However, unlike them, King became a media magnet and a superstar... In the eyes of the press and most of America, King emerged as a uniquely powerful leader. But how did this process occur? What made King a superstar? The answer to this question can be stated in a single word: language.[1]

 

 As a preacher, Martin Luther King’s oratorical skills were of prime importance to him. Furthermore, as a preacher to the masses, his use of Biblical imagery and the notion of a nation whose destiny was freedom for all oppressed peoples touched a chord in the hearts of ordinary people. His sermons were clear and direct, accessible to all classes.

This carried over into his speeches as a political activist in the cause for human rights. His use of public speech, his colourful imagery and metaphors, his belief in a greater future within our grasp and his passion for non-violence are some of the qualities that in and through his language made him a great leader, and it is to this that we now turn.

 

Lessons in Leadership: The Language of Martin Luther King

 

Address to the first Montgomery Improvement Association

 

“Our aim must never be to defeat or humiliate the white man, but to win his friendship and understanding.”

 

In March 1955 a fifteen-year old girl was arrested for refusing to give up her seat to a white passenger on the bus.  Martin Luther King was on the committee that protested in response, but no action was taken as a result.  On December 1 1955, Mrs. Rosa Parks felt she was too tired to stand up and give her seat to a white man who had boarded after her, so she stayed seated.  The bus driver ordered her to move, but she refused.  She was then arrested and taken to the courthouse. From there, she called E.D Nixon who made several telephone calls on her behalf.  One person that he rang was King, who offered his Dexter Avenue Church for a meeting place that night. Over forty black leaders showed up and they agreed to boycott the buses on the following Monday and then hold a mass meeting that evening.  The word was effectively spread and on the Monday morning, the Montgomery buses were practically empty.  Mrs. Parks was convicted that morning for disobeying the city segregation ordinance and fined ten dollars plus court costs. That afternoon King was elected President of the Montgomery Improvement Association.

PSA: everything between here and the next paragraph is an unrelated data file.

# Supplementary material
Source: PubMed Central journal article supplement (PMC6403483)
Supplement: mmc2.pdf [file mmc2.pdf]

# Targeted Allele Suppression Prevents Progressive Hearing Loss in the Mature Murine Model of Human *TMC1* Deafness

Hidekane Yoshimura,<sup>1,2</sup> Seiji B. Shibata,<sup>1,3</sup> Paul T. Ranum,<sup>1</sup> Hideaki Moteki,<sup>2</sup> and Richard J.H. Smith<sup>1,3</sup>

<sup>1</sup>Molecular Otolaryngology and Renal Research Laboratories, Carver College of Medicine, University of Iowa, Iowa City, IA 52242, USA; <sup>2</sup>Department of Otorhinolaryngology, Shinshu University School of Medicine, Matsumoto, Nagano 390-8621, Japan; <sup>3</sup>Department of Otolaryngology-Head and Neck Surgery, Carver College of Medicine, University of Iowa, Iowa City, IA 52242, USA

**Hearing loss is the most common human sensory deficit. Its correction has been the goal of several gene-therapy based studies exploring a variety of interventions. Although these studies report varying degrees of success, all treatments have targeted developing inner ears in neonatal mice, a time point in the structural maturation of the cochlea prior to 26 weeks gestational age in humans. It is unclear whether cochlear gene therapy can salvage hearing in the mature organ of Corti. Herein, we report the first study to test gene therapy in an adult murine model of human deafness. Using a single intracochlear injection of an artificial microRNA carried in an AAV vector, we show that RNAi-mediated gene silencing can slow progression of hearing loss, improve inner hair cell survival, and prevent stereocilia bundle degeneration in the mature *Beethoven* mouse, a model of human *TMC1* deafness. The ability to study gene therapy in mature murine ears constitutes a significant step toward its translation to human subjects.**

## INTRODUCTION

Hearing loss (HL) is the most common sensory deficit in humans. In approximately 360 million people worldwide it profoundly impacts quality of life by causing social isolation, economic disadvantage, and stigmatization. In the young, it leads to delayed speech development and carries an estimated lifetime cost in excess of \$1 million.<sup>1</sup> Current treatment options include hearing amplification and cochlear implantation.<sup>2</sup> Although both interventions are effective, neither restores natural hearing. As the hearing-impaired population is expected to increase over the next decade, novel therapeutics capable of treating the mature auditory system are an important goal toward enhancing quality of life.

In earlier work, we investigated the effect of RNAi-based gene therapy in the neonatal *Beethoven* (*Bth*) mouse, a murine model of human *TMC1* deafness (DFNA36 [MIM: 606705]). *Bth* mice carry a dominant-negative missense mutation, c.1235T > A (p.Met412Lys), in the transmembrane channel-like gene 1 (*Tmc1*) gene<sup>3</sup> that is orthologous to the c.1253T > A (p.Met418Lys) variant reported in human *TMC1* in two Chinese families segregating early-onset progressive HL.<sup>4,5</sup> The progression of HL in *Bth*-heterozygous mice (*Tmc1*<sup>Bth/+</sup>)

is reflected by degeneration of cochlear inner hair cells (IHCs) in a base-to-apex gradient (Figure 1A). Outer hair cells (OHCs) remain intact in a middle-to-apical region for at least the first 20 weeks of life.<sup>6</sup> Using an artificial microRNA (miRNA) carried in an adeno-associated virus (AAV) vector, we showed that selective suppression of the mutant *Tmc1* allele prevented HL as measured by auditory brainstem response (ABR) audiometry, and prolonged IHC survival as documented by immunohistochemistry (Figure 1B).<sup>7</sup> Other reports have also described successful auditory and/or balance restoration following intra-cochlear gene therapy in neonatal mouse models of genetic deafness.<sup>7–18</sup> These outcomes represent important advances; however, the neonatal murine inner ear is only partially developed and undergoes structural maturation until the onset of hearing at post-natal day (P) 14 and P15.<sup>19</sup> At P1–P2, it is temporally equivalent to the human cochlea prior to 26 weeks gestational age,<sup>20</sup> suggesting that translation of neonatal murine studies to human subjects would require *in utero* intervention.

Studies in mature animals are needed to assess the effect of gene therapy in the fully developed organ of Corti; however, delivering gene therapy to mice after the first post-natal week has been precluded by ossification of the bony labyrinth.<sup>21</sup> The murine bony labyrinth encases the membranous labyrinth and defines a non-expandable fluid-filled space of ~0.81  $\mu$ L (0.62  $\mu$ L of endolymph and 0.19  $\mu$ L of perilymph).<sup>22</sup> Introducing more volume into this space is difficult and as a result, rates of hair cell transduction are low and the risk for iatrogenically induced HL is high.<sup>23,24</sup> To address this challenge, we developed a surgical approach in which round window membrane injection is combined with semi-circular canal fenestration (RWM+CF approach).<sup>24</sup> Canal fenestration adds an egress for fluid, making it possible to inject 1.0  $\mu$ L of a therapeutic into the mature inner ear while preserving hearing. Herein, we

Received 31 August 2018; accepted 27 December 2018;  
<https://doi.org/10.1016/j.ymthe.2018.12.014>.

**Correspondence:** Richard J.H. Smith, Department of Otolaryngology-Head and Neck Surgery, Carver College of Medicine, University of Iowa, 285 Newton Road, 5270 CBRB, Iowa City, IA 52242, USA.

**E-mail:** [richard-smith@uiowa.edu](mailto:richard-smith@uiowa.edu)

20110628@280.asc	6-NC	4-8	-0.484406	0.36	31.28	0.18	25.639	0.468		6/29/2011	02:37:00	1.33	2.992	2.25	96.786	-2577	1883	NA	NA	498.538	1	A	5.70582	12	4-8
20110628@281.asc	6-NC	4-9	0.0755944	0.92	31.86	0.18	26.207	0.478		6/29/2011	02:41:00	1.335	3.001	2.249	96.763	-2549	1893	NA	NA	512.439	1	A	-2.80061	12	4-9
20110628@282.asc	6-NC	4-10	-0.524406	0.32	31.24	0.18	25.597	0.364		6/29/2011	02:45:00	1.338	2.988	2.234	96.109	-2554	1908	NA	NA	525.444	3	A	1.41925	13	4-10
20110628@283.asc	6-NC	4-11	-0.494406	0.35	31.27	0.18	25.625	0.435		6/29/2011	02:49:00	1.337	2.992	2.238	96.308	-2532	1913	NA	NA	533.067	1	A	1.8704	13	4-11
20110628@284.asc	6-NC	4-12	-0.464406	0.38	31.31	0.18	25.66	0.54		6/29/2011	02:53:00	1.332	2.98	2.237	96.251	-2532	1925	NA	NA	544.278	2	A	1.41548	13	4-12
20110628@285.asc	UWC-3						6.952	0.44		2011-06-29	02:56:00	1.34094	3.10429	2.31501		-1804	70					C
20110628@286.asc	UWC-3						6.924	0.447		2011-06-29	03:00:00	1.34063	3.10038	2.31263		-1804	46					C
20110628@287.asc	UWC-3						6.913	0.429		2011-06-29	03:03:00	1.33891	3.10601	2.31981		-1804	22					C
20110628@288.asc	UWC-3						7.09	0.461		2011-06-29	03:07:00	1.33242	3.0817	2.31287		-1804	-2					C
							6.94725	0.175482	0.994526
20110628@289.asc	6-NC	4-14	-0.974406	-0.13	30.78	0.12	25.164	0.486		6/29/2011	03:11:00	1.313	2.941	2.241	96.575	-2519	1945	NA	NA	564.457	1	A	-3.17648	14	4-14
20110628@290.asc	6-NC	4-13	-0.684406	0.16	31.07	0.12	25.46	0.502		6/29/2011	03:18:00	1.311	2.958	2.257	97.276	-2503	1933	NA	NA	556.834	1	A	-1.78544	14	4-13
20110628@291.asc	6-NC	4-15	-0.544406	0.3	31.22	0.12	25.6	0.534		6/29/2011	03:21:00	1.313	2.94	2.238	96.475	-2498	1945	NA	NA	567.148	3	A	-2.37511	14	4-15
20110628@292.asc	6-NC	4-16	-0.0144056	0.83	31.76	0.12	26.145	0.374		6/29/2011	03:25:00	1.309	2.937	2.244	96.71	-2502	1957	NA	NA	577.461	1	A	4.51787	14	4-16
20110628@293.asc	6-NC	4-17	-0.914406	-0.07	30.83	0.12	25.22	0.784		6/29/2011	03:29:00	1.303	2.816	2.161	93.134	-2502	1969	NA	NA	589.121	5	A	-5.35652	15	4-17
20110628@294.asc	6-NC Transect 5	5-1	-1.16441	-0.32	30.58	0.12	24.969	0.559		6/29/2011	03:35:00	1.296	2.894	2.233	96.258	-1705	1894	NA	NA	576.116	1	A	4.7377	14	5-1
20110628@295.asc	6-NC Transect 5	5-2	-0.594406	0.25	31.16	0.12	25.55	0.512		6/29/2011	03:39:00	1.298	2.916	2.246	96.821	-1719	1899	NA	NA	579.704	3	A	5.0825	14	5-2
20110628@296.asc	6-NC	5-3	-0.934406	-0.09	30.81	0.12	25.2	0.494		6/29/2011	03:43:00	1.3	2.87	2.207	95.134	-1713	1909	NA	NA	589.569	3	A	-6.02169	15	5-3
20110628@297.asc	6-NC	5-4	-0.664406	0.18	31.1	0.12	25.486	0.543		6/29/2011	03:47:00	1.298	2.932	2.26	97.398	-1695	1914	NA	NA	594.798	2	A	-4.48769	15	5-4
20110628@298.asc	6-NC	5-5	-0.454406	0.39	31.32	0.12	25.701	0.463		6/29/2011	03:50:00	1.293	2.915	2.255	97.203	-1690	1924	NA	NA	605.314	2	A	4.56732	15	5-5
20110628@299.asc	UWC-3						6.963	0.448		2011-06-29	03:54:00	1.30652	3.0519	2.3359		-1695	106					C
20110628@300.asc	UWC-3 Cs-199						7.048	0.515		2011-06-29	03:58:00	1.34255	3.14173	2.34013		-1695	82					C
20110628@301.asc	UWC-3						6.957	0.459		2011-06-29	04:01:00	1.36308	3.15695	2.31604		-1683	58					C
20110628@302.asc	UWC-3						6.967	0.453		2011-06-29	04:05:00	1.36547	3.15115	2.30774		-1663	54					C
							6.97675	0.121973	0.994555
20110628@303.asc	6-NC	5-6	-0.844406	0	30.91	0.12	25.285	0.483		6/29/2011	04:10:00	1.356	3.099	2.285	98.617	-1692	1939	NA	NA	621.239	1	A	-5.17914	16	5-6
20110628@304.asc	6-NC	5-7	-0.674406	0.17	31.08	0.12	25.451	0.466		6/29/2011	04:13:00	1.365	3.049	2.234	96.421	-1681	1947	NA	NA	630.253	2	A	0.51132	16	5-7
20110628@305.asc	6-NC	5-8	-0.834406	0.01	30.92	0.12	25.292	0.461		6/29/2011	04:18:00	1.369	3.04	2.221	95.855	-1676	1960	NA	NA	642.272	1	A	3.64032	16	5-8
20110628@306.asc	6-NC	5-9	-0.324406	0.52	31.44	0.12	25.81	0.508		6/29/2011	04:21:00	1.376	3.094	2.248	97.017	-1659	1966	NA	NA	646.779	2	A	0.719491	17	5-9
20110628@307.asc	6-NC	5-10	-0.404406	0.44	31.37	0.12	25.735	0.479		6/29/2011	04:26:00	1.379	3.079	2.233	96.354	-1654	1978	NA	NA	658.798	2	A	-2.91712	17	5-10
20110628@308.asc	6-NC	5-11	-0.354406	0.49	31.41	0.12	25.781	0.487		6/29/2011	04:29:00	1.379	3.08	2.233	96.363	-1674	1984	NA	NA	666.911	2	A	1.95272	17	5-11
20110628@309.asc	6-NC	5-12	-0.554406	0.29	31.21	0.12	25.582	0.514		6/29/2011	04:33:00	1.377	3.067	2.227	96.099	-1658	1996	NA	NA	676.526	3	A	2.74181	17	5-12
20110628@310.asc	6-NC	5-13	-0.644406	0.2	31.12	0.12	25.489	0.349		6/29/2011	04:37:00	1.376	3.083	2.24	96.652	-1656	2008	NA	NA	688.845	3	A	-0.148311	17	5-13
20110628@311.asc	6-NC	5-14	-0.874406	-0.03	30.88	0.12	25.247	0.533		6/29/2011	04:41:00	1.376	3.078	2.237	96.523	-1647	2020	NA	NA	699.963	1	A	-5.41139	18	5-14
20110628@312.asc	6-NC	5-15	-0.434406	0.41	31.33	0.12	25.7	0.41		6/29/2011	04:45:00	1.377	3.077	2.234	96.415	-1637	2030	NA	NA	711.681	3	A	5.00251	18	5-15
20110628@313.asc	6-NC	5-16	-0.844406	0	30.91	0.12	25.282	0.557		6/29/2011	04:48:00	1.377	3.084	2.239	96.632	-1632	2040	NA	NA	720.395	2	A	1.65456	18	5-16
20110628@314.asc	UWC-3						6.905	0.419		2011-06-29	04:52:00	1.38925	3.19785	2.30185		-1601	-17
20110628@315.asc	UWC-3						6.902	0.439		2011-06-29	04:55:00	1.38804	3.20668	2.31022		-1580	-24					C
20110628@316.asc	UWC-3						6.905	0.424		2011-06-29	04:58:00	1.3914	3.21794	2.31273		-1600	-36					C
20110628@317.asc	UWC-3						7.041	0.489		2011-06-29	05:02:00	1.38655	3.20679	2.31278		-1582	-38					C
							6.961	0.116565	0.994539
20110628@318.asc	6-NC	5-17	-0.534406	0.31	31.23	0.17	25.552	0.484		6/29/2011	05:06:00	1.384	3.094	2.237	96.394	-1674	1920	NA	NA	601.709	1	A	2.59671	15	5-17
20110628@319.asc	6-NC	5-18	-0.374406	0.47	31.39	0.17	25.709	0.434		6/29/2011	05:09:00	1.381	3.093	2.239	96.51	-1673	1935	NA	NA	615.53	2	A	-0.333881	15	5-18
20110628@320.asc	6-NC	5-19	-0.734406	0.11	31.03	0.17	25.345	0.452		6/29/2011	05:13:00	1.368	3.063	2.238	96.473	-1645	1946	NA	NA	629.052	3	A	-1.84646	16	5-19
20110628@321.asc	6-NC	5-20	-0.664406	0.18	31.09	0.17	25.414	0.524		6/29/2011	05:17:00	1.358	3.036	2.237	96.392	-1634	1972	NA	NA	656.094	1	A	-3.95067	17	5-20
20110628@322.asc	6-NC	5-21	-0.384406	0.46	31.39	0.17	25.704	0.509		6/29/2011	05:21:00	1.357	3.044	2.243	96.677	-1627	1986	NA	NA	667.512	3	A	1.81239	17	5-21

The address he made to the First Montgomery Improvement Association mass meeting aimed to enroll everyone in a vision, a vision for the future that King saw. The language he used aroused positive action among his listeners. With clear emphasis on his principles of non-violence, he instilled discipline in his followers. “There will be no white person pulled out of their homes and taken out on some distant road and lynched for not co-operating.  There will be nobody amid, among us who will stand up and defy the Constitution of this nation. We only assemble here because of our desire to see right exist.” Martin Luther King spoke for the hearts of many when he declared that they were “tired of being segregated and humiliated”.

 

Through the language he used and the way in which he delivered this speech, he energised his listeners.  He made them realize that they did not have to tolerate being treated as second class citizens, and if they all stand together and work together, then change can and will happen.  In effect, he quiets the voice in the head that says, “I can’t do this”.

 

The main content of this particular speech is based around his faith.  He talks about keeping God in the forefront at all times, and reiterates his principle of non-violence, which is very deeply embedded in his faith.